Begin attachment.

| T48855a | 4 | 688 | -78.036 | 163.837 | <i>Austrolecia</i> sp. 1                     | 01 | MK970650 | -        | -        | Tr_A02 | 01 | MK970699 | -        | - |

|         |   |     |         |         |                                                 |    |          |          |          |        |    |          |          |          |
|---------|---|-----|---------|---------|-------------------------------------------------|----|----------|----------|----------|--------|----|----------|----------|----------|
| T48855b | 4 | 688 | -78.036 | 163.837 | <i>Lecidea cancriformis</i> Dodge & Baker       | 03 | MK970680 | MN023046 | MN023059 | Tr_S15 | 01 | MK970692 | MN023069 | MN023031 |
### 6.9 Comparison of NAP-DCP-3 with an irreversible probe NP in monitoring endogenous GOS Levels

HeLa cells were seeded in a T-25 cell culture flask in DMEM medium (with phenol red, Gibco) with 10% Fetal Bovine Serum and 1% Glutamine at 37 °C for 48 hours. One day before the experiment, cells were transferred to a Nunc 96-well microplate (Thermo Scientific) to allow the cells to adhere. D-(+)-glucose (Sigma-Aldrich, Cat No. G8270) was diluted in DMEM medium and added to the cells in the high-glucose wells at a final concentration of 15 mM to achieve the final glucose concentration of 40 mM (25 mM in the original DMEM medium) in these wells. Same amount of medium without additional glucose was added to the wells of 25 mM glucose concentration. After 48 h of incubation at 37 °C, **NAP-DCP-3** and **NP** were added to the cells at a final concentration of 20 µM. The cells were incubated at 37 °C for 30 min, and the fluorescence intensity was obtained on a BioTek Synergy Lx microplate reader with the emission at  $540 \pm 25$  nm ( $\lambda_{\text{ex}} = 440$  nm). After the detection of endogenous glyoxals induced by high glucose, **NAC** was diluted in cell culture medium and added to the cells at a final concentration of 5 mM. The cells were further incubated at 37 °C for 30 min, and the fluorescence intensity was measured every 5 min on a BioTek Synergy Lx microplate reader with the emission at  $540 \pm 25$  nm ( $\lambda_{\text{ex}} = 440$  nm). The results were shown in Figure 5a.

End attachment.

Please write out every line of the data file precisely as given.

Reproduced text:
| T48855a | 4 | 688 | -78.036 | 163.837 | <i>Austrolecia</i> sp. 1                     | 01 | MK970650 | -        | -        | Tr_A02 | 01 | MK970699 | -        | - |

|         |   |     |         |         |                                                 |    |          |          |          |        |    |          |          |          |
|---------|---|-----|---------|---------|-------------------------------------------------|----|----------|----------|----------|--------|----|----------|----------|----------|
| T48855b | 4 | 688 | -78.036 | 163.837 | <i>Lecidea cancriformis</i> Dodge & Baker       | 03 | MK970680 | MN023046 | MN023059 | Tr_S15 | 01 | MK970692 | MN023069 | MN023031 |
### 6.9 Comparison of NAP-DCP-3 with an irreversible probe NP in monitoring endogenous GOS Levels

HeLa cells were seeded in a T-25 cell culture flask in DMEM medium (with phenol red, Gibco) with 10% Fetal Bovine Serum and 1% Glutamine at 37 °C for 48 hours. One day before the experiment, cells were transferred to a Nunc 96-well microplate (Thermo Scientific) to allow the cells to adhere. D-(+)-glucose (Sigma-Aldrich, Cat No. G8270) was diluted in DMEM medium and added to the cells in the high-glucose wells at a final concentration of 15 mM to achieve the final glucose concentration of 40 mM (25 mM in the original DMEM medium) in these wells. Same amount of medium without additional glucose was added to the wells of 25 mM glucose concentration. After 48 h of incubation at 37 °C, **NAP-DCP-3** and **NP** were added to the cells at a final concentration of 20 µM. The cells were incubated at 37 °C for 30 min, and the fluorescence intensity was obtained on a BioTek Synergy Lx microplate reader with the emission at  $540 \pm 25$  nm ( $\lambda_{\text{ex}} = 440$  nm). After the detection of endogenous glyoxals induced by high glucose, **NAC** was diluted in cell culture medium and added to the cells at a final concentration of 5 mM. The cells were further incubated at 37 °C for 30 min, and the fluorescence intensity was measured every 5 min on a BioTek Synergy Lx microplate reader with the emission at  $540 \pm 25$  nm ( $\lambda_{\text{ex}} = 440$  nm). The results were shown in Figure 5a.